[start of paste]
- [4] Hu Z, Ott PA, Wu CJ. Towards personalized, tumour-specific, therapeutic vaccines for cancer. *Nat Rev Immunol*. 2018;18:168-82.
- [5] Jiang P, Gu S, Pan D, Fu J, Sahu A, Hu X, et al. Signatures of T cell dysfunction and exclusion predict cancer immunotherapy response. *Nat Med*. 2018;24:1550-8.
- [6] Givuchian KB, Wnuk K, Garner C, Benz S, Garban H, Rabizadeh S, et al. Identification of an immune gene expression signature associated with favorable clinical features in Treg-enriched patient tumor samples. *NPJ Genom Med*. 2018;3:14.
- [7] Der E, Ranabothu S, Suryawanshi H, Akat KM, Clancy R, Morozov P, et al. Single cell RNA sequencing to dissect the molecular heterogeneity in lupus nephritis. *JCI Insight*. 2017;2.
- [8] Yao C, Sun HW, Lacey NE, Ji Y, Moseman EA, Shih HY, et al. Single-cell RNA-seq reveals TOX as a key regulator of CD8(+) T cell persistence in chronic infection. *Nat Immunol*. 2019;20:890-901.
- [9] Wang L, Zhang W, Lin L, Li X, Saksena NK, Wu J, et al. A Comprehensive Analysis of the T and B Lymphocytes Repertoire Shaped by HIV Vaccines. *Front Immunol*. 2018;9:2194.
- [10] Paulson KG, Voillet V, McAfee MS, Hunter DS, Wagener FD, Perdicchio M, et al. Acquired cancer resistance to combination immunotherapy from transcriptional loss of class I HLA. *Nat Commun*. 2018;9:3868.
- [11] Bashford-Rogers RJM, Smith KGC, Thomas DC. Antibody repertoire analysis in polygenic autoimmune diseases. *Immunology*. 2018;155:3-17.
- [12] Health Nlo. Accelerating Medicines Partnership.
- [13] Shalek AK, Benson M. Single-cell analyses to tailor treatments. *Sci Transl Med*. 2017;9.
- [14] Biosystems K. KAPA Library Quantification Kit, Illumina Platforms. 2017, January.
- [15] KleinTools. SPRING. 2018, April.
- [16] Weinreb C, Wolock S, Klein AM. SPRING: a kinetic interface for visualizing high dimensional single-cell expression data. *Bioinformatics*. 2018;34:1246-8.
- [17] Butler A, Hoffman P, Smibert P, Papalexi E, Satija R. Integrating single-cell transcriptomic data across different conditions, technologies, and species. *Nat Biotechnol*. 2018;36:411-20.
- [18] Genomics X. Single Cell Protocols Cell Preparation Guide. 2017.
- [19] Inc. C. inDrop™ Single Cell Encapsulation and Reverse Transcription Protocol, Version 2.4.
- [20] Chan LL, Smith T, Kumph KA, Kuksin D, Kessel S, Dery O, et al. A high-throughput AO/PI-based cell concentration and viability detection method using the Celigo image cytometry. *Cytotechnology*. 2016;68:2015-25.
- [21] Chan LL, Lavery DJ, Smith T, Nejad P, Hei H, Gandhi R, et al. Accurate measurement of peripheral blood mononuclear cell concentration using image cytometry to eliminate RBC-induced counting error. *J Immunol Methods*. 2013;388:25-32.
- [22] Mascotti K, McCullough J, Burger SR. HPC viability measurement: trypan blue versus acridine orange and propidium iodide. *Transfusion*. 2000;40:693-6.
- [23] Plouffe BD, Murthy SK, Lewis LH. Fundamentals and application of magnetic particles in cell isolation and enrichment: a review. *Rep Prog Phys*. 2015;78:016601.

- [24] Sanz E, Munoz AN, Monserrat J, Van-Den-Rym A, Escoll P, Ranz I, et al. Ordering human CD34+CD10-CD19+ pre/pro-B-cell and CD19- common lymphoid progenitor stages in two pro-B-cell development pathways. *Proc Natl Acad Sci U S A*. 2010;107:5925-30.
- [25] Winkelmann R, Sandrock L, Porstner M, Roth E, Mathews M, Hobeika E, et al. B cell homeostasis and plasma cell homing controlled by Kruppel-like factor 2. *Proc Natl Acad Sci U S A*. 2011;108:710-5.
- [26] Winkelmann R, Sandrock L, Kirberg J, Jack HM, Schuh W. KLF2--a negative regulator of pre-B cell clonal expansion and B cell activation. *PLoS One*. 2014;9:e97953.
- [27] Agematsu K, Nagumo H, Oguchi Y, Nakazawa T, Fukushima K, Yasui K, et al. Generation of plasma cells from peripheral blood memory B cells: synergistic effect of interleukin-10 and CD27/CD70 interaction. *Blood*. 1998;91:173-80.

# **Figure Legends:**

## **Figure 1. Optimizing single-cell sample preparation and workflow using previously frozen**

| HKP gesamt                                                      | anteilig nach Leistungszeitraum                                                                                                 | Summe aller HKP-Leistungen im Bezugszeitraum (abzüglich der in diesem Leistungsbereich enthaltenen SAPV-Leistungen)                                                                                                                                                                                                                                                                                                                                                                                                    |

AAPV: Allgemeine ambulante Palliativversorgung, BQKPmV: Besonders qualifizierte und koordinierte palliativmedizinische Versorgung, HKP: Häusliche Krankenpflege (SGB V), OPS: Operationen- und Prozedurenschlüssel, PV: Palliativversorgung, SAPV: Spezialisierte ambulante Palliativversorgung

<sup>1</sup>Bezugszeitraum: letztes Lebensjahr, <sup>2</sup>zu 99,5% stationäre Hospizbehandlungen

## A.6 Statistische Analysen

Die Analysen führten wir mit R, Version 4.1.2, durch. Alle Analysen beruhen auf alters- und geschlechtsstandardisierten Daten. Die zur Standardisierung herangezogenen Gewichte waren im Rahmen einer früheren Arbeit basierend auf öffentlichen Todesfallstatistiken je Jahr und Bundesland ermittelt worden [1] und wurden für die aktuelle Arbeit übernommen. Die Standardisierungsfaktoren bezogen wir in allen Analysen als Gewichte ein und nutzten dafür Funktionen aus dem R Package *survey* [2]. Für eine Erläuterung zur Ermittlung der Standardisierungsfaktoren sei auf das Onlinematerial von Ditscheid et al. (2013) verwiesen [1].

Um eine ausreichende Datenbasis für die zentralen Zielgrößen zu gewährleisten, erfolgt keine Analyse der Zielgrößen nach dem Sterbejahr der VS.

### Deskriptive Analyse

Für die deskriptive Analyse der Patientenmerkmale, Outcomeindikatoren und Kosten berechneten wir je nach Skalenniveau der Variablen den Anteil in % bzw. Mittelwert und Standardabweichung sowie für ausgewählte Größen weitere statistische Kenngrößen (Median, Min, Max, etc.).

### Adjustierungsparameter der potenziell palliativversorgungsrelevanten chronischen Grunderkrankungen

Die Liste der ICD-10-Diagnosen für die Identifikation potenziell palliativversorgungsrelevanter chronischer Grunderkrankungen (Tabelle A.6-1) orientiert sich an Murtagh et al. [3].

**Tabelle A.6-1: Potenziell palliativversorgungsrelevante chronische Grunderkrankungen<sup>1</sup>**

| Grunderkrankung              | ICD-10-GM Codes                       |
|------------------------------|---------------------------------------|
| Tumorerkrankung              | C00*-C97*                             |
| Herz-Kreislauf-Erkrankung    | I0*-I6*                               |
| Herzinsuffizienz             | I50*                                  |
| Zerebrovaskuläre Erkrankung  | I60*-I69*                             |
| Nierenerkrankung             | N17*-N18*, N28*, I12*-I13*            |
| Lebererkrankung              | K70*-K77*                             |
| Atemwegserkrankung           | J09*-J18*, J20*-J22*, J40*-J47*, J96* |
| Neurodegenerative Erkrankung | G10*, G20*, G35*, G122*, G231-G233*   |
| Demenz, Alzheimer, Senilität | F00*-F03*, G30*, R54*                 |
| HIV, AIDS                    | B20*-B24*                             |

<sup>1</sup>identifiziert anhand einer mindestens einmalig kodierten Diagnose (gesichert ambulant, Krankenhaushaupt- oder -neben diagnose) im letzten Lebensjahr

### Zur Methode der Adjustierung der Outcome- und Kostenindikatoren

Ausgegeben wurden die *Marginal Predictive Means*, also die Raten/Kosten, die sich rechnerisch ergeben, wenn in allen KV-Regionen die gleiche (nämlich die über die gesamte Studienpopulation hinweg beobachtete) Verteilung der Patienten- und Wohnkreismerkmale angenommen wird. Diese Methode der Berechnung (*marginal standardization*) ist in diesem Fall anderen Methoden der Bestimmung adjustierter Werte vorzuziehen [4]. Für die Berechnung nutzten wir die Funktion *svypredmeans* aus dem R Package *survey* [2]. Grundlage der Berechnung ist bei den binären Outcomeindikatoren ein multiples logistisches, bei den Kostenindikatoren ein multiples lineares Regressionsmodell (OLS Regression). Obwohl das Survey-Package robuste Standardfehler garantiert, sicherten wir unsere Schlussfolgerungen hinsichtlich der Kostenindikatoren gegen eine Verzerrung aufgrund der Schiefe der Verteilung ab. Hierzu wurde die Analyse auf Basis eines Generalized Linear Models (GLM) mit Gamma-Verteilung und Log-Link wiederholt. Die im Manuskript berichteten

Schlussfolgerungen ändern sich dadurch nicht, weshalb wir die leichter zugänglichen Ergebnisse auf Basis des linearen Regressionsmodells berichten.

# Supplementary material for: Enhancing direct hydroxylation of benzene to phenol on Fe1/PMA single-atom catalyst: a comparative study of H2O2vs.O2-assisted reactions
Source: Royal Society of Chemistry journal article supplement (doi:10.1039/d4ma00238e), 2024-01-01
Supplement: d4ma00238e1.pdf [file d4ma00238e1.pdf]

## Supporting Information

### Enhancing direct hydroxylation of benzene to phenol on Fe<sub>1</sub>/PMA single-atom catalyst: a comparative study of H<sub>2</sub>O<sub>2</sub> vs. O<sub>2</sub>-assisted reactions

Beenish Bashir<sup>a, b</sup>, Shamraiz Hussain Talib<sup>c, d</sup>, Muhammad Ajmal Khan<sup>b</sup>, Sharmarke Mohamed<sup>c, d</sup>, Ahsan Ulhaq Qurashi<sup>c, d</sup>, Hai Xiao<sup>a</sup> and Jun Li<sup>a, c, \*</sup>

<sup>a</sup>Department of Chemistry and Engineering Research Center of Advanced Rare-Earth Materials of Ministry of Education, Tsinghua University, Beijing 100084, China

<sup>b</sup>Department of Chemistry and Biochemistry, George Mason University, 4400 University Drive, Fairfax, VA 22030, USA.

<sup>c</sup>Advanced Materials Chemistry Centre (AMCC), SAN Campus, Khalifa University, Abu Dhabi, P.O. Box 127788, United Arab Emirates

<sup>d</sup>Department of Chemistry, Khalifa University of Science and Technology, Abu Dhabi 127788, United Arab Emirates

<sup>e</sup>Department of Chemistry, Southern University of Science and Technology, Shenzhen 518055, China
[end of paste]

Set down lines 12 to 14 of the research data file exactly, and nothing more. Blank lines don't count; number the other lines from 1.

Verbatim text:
- [15] KleinTools. SPRING. 2018, April.
- [16] Weinreb C, Wolock S, Klein AM. SPRING: a kinetic interface for visualizing high dimensional single-cell expression data. *Bioinformatics*. 2018;34:1246-8.
- [17] Butler A, Hoffman P, Smibert P, Papalexi E, Satija R. Integrating single-cell transcriptomic data across different conditions, technologies, and species. *Nat Biotechnol*. 2018;36:411-20.